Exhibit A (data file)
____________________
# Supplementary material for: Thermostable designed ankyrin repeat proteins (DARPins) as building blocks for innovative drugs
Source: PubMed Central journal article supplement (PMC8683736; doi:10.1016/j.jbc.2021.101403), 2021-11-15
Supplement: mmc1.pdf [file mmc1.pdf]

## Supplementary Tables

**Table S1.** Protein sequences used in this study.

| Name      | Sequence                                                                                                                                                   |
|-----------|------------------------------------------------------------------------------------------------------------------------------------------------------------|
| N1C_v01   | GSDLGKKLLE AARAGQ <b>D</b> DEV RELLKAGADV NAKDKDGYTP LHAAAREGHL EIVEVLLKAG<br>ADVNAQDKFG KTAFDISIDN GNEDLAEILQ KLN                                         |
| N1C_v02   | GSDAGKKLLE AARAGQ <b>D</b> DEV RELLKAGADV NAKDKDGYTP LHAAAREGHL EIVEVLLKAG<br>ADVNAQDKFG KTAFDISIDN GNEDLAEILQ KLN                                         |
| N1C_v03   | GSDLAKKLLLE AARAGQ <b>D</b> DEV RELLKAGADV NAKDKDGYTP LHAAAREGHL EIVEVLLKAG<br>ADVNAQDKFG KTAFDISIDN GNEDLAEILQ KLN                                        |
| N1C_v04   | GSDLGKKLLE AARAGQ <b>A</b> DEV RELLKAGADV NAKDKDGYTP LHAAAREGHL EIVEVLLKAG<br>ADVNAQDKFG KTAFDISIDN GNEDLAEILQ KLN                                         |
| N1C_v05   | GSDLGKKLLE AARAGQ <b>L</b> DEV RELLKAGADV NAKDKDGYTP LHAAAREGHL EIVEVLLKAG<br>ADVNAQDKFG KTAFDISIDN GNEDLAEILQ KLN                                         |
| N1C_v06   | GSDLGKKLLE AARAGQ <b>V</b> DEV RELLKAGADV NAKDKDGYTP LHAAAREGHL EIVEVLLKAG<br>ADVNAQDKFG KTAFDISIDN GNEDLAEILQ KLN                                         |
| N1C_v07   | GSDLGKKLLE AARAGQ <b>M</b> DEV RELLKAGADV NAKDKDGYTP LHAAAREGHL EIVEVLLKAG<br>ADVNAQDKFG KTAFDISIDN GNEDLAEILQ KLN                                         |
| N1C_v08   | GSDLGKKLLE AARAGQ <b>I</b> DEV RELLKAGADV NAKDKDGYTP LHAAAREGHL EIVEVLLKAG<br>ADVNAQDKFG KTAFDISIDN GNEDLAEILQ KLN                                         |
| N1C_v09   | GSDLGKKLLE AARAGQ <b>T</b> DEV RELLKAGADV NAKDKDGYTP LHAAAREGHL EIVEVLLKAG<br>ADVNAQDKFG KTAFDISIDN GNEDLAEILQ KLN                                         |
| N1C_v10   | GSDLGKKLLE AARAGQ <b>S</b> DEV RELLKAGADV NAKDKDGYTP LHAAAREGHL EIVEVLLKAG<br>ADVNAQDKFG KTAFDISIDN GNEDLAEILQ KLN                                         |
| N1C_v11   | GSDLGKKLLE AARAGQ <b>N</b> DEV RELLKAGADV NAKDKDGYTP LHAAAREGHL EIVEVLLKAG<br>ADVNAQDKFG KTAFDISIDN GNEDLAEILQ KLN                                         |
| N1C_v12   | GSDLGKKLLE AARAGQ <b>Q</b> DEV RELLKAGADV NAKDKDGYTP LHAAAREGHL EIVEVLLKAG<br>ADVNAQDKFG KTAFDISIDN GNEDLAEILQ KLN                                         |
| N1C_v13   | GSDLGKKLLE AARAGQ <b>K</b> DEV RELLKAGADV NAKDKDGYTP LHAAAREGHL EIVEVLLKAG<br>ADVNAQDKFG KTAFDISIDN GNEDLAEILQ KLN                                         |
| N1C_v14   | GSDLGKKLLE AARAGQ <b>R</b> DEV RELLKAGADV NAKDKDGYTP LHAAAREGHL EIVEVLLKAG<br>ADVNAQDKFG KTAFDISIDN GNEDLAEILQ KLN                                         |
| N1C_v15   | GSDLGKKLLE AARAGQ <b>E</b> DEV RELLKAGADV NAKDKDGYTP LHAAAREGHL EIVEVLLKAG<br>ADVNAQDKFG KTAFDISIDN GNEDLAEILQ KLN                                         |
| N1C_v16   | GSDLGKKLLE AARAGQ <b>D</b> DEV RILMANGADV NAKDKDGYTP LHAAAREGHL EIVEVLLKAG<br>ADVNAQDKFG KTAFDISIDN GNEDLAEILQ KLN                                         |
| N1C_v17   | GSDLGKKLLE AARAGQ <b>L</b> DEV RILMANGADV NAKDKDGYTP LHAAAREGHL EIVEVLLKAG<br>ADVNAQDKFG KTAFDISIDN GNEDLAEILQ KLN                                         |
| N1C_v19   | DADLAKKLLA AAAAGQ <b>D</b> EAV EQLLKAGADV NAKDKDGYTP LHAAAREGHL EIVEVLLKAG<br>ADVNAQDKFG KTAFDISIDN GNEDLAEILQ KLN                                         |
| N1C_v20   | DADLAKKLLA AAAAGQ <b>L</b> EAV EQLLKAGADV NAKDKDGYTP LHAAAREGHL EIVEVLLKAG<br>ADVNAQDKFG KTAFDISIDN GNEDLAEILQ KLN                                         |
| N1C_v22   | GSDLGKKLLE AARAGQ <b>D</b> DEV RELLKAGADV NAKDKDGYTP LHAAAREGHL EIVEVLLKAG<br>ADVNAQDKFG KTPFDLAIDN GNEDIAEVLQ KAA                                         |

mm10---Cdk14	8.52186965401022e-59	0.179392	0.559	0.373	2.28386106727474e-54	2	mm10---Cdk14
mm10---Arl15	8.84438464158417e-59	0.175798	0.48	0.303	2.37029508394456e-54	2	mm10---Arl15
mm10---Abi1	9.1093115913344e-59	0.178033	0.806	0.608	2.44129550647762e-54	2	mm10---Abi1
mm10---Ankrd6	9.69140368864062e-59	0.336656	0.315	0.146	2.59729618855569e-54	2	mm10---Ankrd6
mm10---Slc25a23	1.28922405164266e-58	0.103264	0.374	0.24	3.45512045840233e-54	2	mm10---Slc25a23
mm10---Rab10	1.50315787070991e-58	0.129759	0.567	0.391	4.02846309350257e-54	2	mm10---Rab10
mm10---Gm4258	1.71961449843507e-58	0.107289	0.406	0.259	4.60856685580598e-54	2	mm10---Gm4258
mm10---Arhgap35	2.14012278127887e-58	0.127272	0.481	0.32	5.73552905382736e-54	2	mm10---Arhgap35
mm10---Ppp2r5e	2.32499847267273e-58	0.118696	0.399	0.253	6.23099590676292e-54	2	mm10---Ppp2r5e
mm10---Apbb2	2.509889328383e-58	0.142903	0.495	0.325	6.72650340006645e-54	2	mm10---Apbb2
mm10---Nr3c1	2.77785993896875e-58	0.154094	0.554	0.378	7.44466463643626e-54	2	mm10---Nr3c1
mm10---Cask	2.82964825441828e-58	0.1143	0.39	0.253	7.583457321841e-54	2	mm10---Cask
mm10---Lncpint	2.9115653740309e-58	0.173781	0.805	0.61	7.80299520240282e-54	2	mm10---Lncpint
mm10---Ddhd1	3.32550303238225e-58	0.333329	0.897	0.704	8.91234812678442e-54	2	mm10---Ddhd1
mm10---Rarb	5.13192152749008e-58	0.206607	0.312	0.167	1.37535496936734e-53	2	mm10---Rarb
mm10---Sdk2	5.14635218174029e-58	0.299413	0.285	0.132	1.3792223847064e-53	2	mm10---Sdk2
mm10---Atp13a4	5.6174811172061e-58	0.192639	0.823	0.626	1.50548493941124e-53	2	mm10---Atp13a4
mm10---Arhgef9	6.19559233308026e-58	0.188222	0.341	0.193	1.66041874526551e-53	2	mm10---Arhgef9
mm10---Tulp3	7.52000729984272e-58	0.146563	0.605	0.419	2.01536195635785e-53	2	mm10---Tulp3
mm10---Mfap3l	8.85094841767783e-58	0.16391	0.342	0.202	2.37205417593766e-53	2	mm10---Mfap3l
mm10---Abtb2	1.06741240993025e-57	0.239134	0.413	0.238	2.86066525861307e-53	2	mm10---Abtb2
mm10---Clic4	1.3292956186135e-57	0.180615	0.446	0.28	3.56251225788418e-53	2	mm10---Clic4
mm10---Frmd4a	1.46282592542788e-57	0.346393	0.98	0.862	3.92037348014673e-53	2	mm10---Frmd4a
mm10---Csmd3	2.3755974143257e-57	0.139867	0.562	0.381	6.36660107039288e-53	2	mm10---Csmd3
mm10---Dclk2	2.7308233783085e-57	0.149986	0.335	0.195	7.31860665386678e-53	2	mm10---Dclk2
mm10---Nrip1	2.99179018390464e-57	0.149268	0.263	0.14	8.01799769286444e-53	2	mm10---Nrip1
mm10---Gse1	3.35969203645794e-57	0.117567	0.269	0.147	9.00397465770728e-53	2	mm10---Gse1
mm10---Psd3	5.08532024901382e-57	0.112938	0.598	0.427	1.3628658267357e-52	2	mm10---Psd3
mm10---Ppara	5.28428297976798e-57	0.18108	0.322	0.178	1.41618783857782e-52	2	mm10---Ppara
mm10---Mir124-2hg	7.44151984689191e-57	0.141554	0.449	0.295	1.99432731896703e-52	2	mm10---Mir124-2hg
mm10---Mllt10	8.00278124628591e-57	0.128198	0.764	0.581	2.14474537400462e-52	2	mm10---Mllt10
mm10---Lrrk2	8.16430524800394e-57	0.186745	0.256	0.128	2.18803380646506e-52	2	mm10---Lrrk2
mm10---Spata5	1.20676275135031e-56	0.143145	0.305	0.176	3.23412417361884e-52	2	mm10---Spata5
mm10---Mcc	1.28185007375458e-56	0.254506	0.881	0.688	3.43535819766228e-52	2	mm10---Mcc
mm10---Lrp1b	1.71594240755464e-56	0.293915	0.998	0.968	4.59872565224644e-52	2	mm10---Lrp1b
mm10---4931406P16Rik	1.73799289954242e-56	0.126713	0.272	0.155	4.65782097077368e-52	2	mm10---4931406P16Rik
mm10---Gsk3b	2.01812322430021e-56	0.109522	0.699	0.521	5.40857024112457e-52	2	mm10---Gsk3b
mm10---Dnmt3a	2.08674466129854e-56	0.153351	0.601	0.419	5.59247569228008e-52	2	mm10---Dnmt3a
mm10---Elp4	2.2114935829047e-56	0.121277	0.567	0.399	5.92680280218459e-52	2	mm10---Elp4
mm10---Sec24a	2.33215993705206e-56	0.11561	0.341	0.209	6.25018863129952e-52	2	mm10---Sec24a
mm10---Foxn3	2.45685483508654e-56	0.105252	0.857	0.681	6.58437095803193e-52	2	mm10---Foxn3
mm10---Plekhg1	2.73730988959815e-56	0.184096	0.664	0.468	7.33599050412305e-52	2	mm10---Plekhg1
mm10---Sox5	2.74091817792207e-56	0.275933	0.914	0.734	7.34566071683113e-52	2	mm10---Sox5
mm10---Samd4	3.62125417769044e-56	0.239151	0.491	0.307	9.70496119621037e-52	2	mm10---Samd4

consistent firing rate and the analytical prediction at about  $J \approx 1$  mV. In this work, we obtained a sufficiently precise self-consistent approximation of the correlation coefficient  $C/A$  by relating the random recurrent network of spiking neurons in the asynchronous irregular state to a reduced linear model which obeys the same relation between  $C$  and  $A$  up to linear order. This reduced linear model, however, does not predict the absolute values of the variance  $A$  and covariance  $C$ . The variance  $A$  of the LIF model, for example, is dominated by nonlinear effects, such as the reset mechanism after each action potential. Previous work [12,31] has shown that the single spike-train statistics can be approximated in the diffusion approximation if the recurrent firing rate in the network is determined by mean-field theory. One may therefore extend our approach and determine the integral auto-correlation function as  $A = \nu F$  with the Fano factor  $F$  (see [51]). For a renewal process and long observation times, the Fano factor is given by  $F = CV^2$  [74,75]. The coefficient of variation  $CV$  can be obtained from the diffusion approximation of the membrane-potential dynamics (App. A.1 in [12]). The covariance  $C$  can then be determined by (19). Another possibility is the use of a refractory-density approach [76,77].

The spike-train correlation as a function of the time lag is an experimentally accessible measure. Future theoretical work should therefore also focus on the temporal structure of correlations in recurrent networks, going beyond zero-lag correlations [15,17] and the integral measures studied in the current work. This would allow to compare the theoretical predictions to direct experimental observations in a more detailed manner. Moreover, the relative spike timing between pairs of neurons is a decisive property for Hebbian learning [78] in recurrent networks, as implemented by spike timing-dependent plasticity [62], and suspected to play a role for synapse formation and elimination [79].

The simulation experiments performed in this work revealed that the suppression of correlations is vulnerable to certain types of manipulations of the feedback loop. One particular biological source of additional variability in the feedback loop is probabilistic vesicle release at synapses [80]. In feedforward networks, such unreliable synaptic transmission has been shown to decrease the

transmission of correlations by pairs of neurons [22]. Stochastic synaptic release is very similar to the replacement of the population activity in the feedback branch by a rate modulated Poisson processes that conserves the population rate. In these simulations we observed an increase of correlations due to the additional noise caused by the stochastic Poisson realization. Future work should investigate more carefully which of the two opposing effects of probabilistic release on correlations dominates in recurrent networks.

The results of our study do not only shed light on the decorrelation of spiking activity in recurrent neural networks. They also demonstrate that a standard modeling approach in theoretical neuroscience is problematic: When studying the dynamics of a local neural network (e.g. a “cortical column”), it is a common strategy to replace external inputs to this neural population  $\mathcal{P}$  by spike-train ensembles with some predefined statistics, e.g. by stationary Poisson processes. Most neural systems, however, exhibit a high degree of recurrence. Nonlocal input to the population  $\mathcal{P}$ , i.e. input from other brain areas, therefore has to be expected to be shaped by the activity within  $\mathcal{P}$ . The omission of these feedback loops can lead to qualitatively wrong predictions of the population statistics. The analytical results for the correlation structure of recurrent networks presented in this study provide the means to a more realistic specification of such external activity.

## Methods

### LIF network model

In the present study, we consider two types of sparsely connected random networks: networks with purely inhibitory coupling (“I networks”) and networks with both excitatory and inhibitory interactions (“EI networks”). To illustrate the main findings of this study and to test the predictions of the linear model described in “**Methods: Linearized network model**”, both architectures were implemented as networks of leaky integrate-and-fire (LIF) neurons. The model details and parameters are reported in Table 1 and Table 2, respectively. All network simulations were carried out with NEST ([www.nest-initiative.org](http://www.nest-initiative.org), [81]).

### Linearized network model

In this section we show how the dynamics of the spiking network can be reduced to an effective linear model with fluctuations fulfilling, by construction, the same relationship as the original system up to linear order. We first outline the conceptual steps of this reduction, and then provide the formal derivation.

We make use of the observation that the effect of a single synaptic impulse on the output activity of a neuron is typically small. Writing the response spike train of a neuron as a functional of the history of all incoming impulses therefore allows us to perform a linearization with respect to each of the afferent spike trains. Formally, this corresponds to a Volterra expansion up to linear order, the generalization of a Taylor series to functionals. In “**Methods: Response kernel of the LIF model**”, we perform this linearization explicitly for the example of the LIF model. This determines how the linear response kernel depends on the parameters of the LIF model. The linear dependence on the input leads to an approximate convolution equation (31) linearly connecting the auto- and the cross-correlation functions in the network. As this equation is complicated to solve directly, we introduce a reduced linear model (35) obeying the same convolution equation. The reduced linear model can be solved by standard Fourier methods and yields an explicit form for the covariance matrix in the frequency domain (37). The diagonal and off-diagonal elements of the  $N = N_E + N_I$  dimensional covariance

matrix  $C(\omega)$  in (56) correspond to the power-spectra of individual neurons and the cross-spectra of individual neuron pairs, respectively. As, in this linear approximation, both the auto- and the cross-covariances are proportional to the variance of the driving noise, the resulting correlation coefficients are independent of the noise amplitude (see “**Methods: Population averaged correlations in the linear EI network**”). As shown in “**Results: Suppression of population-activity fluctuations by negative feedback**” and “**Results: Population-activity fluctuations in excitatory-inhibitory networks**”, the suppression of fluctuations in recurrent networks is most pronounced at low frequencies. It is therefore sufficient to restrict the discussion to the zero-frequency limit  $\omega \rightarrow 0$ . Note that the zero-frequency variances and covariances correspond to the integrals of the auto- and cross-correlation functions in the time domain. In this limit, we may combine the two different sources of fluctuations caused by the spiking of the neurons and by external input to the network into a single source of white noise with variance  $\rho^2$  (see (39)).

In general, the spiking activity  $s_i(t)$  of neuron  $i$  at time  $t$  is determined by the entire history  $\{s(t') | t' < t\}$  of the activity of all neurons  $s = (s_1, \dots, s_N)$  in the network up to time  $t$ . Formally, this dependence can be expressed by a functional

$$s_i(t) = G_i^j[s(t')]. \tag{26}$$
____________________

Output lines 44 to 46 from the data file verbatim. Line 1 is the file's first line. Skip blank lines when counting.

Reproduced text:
mm10---Atp13a4	5.6174811172061e-58	0.192639	0.823	0.626	1.50548493941124e-53	2	mm10---Atp13a4
mm10---Arhgef9	6.19559233308026e-58	0.188222	0.341	0.193	1.66041874526551e-53	2	mm10---Arhgef9
mm10---Tulp3	7.52000729984272e-58	0.146563	0.605	0.419	2.01536195635785e-53	2	mm10---Tulp3